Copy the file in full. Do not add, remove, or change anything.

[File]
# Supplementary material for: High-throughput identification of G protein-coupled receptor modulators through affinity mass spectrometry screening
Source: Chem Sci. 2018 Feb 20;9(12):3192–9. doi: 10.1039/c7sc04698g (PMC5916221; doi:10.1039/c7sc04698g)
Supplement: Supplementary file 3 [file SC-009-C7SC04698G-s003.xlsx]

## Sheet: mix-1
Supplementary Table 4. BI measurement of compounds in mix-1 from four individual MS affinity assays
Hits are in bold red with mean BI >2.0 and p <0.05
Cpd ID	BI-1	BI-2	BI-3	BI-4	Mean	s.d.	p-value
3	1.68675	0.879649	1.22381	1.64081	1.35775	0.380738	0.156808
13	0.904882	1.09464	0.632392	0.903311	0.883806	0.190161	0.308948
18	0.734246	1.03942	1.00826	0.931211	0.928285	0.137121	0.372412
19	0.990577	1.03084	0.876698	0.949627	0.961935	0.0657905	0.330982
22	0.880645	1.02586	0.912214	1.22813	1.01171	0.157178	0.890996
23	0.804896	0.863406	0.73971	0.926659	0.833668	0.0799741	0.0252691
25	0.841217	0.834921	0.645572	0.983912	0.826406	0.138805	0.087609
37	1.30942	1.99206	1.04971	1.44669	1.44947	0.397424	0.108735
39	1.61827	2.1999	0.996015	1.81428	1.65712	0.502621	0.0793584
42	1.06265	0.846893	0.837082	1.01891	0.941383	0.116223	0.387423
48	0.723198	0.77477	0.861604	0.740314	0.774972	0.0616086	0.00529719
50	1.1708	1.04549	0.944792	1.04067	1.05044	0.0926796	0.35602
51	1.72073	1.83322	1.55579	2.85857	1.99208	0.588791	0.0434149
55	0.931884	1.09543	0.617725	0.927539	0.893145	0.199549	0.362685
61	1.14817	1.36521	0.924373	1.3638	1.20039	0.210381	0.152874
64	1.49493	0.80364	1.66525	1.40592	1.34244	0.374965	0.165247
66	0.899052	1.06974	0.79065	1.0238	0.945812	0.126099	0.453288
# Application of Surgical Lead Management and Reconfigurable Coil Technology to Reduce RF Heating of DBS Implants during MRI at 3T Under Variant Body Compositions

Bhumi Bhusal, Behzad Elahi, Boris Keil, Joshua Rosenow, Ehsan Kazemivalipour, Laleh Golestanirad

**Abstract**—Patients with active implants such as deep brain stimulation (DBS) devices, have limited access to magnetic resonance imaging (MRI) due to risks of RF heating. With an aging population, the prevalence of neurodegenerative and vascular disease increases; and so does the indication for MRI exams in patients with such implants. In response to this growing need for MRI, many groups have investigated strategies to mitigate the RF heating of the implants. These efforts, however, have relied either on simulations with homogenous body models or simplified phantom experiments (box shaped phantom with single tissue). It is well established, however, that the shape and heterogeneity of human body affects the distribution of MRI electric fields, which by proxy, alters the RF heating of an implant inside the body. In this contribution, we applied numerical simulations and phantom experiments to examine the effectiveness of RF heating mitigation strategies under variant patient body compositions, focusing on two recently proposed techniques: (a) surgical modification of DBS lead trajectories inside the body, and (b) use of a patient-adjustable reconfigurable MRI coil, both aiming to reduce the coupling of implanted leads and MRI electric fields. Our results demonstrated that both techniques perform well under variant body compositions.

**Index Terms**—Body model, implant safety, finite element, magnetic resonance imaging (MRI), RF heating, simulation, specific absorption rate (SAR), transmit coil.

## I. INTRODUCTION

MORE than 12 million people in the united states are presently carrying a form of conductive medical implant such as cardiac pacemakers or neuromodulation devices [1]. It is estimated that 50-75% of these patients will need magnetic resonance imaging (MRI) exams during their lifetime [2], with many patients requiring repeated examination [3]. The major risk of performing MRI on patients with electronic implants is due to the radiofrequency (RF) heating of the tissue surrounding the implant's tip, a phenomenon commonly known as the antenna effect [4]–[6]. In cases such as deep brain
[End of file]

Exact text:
# Supplementary material for: High-throughput identification of G protein-coupled receptor modulators through affinity mass spectrometry screening
Source: Chem Sci. 2018 Feb 20;9(12):3192–9. doi: 10.1039/c7sc04698g (PMC5916221; doi:10.1039/c7sc04698g)
Supplement: Supplementary file 3 [file SC-009-C7SC04698G-s003.xlsx]

## Sheet: mix-1
Supplementary Table 4. BI measurement of compounds in mix-1 from four individual MS affinity assays
Hits are in bold red with mean BI >2.0 and p <0.05
Cpd ID	BI-1	BI-2	BI-3	BI-4	Mean	s.d.	p-value
3	1.68675	0.879649	1.22381	1.64081	1.35775	0.380738	0.156808
13	0.904882	1.09464	0.632392	0.903311	0.883806	0.190161	0.308948
18	0.734246	1.03942	1.00826	0.931211	0.928285	0.137121	0.372412
19	0.990577	1.03084	0.876698	0.949627	0.961935	0.0657905	0.330982
22	0.880645	1.02586	0.912214	1.22813	1.01171	0.157178	0.890996
23	0.804896	0.863406	0.73971	0.926659	0.833668	0.0799741	0.0252691
25	0.841217	0.834921	0.645572	0.983912	0.826406	0.138805	0.087609
37	1.30942	1.99206	1.04971	1.44669	1.44947	0.397424	0.108735
39	1.61827	2.1999	0.996015	1.81428	1.65712	0.502621	0.0793584
42	1.06265	0.846893	0.837082	1.01891	0.941383	0.116223	0.387423
48	0.723198	0.77477	0.861604	0.740314	0.774972	0.0616086	0.00529719
50	1.1708	1.04549	0.944792	1.04067	1.05044	0.0926796	0.35602
51	1.72073	1.83322	1.55579	2.85857	1.99208	0.588791	0.0434149
55	0.931884	1.09543	0.617725	0.927539	0.893145	0.199549	0.362685
61	1.14817	1.36521	0.924373	1.3638	1.20039	0.210381	0.152874
64	1.49493	0.80364	1.66525	1.40592	1.34244	0.374965	0.165247
66	0.899052	1.06974	0.79065	1.0238	0.945812	0.126099	0.453288
# Application of Surgical Lead Management and Reconfigurable Coil Technology to Reduce RF Heating of DBS Implants during MRI at 3T Under Variant Body Compositions

Bhumi Bhusal, Behzad Elahi, Boris Keil, Joshua Rosenow, Ehsan Kazemivalipour, Laleh Golestanirad

**Abstract**—Patients with active implants such as deep brain stimulation (DBS) devices, have limited access to magnetic resonance imaging (MRI) due to risks of RF heating. With an aging population, the prevalence of neurodegenerative and vascular disease increases; and so does the indication for MRI exams in patients with such implants. In response to this growing need for MRI, many groups have investigated strategies to mitigate the RF heating of the implants. These efforts, however, have relied either on simulations with homogenous body models or simplified phantom experiments (box shaped phantom with single tissue). It is well established, however, that the shape and heterogeneity of human body affects the distribution of MRI electric fields, which by proxy, alters the RF heating of an implant inside the body. In this contribution, we applied numerical simulations and phantom experiments to examine the effectiveness of RF heating mitigation strategies under variant patient body compositions, focusing on two recently proposed techniques: (a) surgical modification of DBS lead trajectories inside the body, and (b) use of a patient-adjustable reconfigurable MRI coil, both aiming to reduce the coupling of implanted leads and MRI electric fields. Our results demonstrated that both techniques perform well under variant body compositions.

**Index Terms**—Body model, implant safety, finite element, magnetic resonance imaging (MRI), RF heating, simulation, specific absorption rate (SAR), transmit coil.

## I. INTRODUCTION

MORE than 12 million people in the united states are presently carrying a form of conductive medical implant such as cardiac pacemakers or neuromodulation devices [1]. It is estimated that 50-75% of these patients will need magnetic resonance imaging (MRI) exams during their lifetime [2], with many patients requiring repeated examination [3]. The major risk of performing MRI on patients with electronic implants is due to the radiofrequency (RF) heating of the tissue surrounding the implant's tip, a phenomenon commonly known as the antenna effect [4]–[6]. In cases such as deep brain